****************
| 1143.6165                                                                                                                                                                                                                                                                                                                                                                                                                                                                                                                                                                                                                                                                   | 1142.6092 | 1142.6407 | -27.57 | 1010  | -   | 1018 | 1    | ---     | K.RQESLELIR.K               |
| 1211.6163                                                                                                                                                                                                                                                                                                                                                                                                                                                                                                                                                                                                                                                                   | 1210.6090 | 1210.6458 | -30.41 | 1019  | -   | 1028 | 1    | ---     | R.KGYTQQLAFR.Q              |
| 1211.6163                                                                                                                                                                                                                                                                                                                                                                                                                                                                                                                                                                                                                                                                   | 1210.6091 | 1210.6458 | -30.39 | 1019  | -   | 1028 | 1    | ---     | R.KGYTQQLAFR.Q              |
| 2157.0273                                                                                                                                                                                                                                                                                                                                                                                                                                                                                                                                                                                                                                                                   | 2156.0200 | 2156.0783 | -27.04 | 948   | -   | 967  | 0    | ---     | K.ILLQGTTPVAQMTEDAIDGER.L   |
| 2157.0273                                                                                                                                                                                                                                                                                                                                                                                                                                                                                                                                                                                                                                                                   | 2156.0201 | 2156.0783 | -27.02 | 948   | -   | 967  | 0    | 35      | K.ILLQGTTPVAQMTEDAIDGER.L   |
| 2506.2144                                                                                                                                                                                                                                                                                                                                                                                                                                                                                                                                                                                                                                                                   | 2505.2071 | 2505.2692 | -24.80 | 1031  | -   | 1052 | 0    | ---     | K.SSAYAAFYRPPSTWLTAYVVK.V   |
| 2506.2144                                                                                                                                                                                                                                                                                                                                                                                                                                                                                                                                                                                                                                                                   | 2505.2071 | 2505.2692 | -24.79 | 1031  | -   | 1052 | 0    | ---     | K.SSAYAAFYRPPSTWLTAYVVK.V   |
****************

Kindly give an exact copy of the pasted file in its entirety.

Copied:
| 1143.6165                                                                                                                                                                                                                                                                                                                                                                                                                                                                                                                                                                                                                                                                   | 1142.6092 | 1142.6407 | -27.57 | 1010  | -   | 1018 | 1    | ---     | K.RQESLELIR.K               |
| 1211.6163                                                                                                                                                                                                                                                                                                                                                                                                                                                                                                                                                                                                                                                                   | 1210.6090 | 1210.6458 | -30.41 | 1019  | -   | 1028 | 1    | ---     | R.KGYTQQLAFR.Q              |
| 1211.6163                                                                                                                                                                                                                                                                                                                                                                                                                                                                                                                                                                                                                                                                   | 1210.6091 | 1210.6458 | -30.39 | 1019  | -   | 1028 | 1    | ---     | R.KGYTQQLAFR.Q              |
| 2157.0273                                                                                                                                                                                                                                                                                                                                                                                                                                                                                                                                                                                                                                                                   | 2156.0200 | 2156.0783 | -27.04 | 948   | -   | 967  | 0    | ---     | K.ILLQGTTPVAQMTEDAIDGER.L   |
| 2157.0273                                                                                                                                                                                                                                                                                                                                                                                                                                                                                                                                                                                                                                                                   | 2156.0201 | 2156.0783 | -27.02 | 948   | -   | 967  | 0    | 35      | K.ILLQGTTPVAQMTEDAIDGER.L   |
| 2506.2144                                                                                                                                                                                                                                                                                                                                                                                                                                                                                                                                                                                                                                                                   | 2505.2071 | 2505.2692 | -24.80 | 1031  | -   | 1052 | 0    | ---     | K.SSAYAAFYRPPSTWLTAYVVK.V   |
| 2506.2144                                                                                                                                                                                                                                                                                                                                                                                                                                                                                                                                                                                                                                                                   | 2505.2071 | 2505.2692 | -24.79 | 1031  | -   | 1052 | 0    | ---     | K.SSAYAAFYRPPSTWLTAYVVK.V   |